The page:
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Wednesday, October 21, 2009

The 'Palestinians' need to get a sense of humor

'Palestinians' are seething at al-Jazeera for playing a parody of the 'Palestinian National Anthem' in the background of a debate between Hamas spokesman Osama Hamdan, and member of the Fatah Central Committee Nasser Al-Qudwa from Ramallah. The two were discussing the 'reconciliation' agreement between Hamas and Fatah.
Al-Jazeera Arabic played a mocking parody of the once Palestinian national anthem “My Homeland,” titled “It was my homeland” during an interview with Fatah and Hamas leaders from a Beirut studio Saturday, angering Palestinians.

The lyrics of the song, originally a poem written by Palestinian poet Ibrahim Touqan put to music by Lebanese artist Mohammad Flaifel, served as the national anthem until the late 80s. The poem was an ode to the land, the people, the holy sites and the trees of Palestine. The opening lyrics of the song Al-Jazeera played were as follows:

My homeland, My homeland
Curse and perversity, Plague and hypocrisy
Are in your hills, Are in your hills
Tyrants and oppressors, Cunning not fidelity
Are in your sanctuary, Are in your sanctuary
Will I see you? Nothing else

The verse is a parody of the original:

My homeland, My homeland
Glory and beauty, Sublimity and splendor
Are in your hills, Are in your hills
Life and deliverance, Pleasure and hope
Are in your air, Are in your Air
Will I see you? Will I see you?

Viewers of the program, Open Dialogue (Hiwar Maftouh) presented by Ghassan Ben Jeddo, were shocked and angered by the move, apparently meant to stir conversation between the guests. The song was published on the internet over a month ago, and has been re-posted on several sites since.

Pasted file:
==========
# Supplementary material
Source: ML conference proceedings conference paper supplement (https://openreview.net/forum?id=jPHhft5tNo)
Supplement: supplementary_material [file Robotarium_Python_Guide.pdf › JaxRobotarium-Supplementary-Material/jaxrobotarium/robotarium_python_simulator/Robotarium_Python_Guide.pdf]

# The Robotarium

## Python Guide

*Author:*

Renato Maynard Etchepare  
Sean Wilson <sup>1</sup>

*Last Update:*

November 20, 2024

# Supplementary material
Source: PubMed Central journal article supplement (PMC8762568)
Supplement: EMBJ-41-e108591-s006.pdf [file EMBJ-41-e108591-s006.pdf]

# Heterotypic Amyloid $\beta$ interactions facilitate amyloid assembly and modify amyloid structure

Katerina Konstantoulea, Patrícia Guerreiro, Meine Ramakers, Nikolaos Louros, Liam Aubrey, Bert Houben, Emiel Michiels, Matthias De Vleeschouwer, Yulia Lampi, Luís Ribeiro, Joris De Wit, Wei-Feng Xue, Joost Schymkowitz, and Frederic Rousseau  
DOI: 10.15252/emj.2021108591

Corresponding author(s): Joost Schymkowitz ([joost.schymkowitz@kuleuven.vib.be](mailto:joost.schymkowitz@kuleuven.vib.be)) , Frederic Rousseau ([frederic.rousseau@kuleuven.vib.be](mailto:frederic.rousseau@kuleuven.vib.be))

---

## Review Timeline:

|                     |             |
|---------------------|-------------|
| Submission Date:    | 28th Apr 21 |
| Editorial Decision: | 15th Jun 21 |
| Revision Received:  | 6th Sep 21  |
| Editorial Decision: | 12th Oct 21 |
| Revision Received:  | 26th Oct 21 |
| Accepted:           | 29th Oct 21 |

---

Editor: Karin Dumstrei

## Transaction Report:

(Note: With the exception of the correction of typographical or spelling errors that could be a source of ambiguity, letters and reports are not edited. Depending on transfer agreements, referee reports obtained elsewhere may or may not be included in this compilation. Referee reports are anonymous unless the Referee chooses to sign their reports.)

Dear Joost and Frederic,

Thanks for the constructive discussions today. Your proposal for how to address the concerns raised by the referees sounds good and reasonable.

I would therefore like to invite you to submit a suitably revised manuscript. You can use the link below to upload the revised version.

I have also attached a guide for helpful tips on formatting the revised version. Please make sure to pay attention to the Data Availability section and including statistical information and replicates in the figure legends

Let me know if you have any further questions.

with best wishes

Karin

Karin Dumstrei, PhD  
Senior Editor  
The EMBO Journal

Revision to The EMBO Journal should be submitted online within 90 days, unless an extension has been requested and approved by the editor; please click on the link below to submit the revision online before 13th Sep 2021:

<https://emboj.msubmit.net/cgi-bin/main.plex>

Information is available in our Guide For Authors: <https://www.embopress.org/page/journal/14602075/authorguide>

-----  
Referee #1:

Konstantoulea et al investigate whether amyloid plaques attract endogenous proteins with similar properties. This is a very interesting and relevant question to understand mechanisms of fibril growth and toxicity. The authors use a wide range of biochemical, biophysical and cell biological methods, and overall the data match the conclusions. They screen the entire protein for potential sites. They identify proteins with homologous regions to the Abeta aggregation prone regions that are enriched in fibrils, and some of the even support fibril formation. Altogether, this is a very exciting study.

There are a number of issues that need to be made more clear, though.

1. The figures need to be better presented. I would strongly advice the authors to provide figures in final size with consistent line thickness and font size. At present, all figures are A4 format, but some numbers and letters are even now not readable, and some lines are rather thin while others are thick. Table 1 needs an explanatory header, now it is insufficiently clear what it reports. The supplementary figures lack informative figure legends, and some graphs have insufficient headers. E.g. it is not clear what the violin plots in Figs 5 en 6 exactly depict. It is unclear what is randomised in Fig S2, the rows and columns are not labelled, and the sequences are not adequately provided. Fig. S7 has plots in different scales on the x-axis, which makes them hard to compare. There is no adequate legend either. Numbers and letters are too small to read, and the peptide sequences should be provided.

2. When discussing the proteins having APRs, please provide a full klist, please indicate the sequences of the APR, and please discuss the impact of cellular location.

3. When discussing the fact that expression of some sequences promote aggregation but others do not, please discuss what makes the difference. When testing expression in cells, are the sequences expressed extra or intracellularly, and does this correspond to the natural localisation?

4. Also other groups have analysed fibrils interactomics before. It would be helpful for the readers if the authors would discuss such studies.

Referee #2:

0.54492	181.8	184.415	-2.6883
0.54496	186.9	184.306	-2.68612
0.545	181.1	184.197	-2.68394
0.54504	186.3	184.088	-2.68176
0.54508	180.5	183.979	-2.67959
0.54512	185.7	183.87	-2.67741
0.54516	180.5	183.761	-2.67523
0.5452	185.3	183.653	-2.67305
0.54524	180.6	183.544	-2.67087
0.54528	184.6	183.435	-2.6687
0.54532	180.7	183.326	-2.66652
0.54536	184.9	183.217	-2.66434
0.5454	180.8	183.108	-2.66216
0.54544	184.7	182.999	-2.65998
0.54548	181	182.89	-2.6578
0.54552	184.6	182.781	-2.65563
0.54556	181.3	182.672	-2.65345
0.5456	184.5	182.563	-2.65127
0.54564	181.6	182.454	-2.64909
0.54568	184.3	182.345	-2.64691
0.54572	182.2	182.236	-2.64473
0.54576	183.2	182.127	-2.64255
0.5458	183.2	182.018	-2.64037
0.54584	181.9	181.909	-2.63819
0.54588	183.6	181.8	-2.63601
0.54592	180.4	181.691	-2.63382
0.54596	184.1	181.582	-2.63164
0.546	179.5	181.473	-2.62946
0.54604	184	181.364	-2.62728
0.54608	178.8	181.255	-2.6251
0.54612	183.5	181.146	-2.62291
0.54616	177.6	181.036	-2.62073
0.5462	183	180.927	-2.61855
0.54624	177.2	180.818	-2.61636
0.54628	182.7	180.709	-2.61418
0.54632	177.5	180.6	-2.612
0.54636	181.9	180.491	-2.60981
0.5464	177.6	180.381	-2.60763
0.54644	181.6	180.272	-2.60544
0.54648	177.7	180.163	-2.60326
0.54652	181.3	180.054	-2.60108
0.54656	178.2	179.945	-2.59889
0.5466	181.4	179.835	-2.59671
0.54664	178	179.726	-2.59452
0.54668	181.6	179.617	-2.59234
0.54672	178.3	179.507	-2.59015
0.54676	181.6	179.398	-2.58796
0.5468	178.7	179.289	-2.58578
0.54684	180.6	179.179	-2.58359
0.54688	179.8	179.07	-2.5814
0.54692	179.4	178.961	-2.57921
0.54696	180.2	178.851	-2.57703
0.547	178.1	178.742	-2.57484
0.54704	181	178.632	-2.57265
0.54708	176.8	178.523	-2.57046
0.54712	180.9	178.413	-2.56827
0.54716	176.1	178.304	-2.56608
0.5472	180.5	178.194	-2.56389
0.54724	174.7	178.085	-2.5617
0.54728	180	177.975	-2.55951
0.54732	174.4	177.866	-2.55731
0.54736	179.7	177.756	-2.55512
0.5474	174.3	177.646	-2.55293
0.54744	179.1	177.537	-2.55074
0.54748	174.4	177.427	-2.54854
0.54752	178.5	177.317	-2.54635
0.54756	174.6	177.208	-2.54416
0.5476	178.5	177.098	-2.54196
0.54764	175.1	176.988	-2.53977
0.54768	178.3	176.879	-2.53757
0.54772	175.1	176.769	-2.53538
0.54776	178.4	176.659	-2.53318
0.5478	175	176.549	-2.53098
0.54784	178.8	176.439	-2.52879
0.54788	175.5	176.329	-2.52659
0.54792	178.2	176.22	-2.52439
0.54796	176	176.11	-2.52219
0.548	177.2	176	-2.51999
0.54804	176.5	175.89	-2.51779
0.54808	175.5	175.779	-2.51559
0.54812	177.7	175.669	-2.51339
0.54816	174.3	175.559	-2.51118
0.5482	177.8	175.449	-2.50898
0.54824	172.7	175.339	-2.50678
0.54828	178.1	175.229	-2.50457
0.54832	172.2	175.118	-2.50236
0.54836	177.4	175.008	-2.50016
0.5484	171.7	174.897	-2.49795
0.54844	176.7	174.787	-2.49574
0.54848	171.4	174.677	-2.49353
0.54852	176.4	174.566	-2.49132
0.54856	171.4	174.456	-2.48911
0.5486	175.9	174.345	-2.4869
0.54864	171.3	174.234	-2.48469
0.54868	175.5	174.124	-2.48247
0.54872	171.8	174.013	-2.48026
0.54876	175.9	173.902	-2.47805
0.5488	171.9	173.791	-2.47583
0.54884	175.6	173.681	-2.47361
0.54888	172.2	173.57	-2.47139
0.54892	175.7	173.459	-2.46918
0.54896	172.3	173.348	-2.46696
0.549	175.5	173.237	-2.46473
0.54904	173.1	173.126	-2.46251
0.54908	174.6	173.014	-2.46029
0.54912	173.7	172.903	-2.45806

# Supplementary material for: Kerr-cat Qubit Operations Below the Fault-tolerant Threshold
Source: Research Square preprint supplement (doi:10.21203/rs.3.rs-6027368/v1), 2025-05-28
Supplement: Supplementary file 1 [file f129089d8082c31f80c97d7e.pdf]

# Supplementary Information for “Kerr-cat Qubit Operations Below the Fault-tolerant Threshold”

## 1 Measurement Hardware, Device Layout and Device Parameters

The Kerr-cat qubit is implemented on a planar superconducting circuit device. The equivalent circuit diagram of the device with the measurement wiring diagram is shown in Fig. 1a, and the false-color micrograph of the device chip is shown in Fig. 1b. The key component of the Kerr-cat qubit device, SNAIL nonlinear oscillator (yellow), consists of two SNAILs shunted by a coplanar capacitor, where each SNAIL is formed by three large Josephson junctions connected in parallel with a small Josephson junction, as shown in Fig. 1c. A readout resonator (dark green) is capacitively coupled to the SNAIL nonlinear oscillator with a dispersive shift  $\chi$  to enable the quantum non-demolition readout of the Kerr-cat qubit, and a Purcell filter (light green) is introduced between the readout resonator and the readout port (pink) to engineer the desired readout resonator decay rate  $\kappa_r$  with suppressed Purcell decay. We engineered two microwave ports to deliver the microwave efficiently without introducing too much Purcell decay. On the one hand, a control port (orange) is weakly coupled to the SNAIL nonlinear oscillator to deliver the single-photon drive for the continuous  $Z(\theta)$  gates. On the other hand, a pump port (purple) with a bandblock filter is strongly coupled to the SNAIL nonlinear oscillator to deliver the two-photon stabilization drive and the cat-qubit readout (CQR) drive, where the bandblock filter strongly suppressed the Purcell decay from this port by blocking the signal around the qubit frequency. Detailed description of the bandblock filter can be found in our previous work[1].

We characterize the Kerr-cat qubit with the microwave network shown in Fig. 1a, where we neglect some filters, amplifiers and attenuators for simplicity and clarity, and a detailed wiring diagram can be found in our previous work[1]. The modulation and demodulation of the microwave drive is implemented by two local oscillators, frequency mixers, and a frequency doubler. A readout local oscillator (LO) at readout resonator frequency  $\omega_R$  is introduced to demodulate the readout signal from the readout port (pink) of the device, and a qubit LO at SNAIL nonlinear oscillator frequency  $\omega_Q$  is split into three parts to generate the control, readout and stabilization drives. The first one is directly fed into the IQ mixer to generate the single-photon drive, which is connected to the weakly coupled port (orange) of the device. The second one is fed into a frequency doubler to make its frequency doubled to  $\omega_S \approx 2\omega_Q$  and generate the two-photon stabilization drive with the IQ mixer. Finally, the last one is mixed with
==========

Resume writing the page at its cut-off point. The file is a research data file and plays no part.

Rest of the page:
Maybe it has been re-posted on several sites, but JPost reports it is nowhere to be found.
The song surfaced on the Internet a month ago but has yet to reach a wider English-speaking audience. After originally being posted on YouTube and subsequently distributed across the Internet, a simple English search on YouTube and Google for "Palestinian Anthem Parody," does not return a single relevant result despite various reports of the song having been viewed and heard tens of thousands of times across the Internet in Arabic.
I guess they took it down for being in the 'offensive to Muslims' category. Ma'an reported on al-Qudwa's reaction:
Collecting himself from an obvious state of shock, the Fatah member said, he was unimpressed that the "video found its way to Al-Jazeera.” He described the song as a distortion of “one of the most important national anthems we are so proud of…this has reached an unacceptable degree and an unprecedented regression.”


Ben Jeddo refuted Al-Qudwa’s shock said the song was not new, and that it had been listened to by tens of thousands on youtube already. Al-Qudwa would only comment that he had seen the “worst degree of degradation in the Palestinian arena” on that day.
JPost attributes that last quote to Hamdan.

But most important, the song's history. This is JPost:
Written in 1934 by Palestinian poet Ibrahim Touqan and musically arranged thereafter by Lebanese composer Muhammad Flaifel, "My Homeland" is believed to have been written in response to Jewish immigration to the Land of Israel and the changing demographics of the country. In 1996, the poem was recognized as the national anthem of the Palestinian Authority. In 2004, it was adopted as the national song of Iraq.
Maan adds:
Written in 1934 at the peak of Jewish immigration to British Mandate Palestine, many consider it the poem that expresses Arab concern for what would later be the founding of a Jewish state and the subsequent displacement of hundreds of thousands of Palestinians.
Note two things. First, the anthem is meant to express fear of the founding of a Jewish state in 1934, long before there was an 'occupation' (assuming one believes that the term 'occupation' only refers to areas outside the 1949 armistice lines - the 'Palestinians' certainly don't use the term that way).

Second, Fatah and Hamas have actually managed to agree on something other than hatred of Israel and the 'need' to destroy it (God forbid). What could go wrong?

The picture is Fatah's 43rd anniversary poster, which shows the entire state of Israel as being 'Palestine.'


At 4:32 PM, Blogger NormanF said...

The Palestinians are obsessed with the past. Jews on the other hand look forward to the future. The themes of the anthems could not be more different. I haven't heard of any one writing a parody of Hatikvah (who wants to make fun of hope?) yet while its easy enough to satirize the Palestinian pre-occupation with violence and revenge.

No wonder the Palestinians are so upset.



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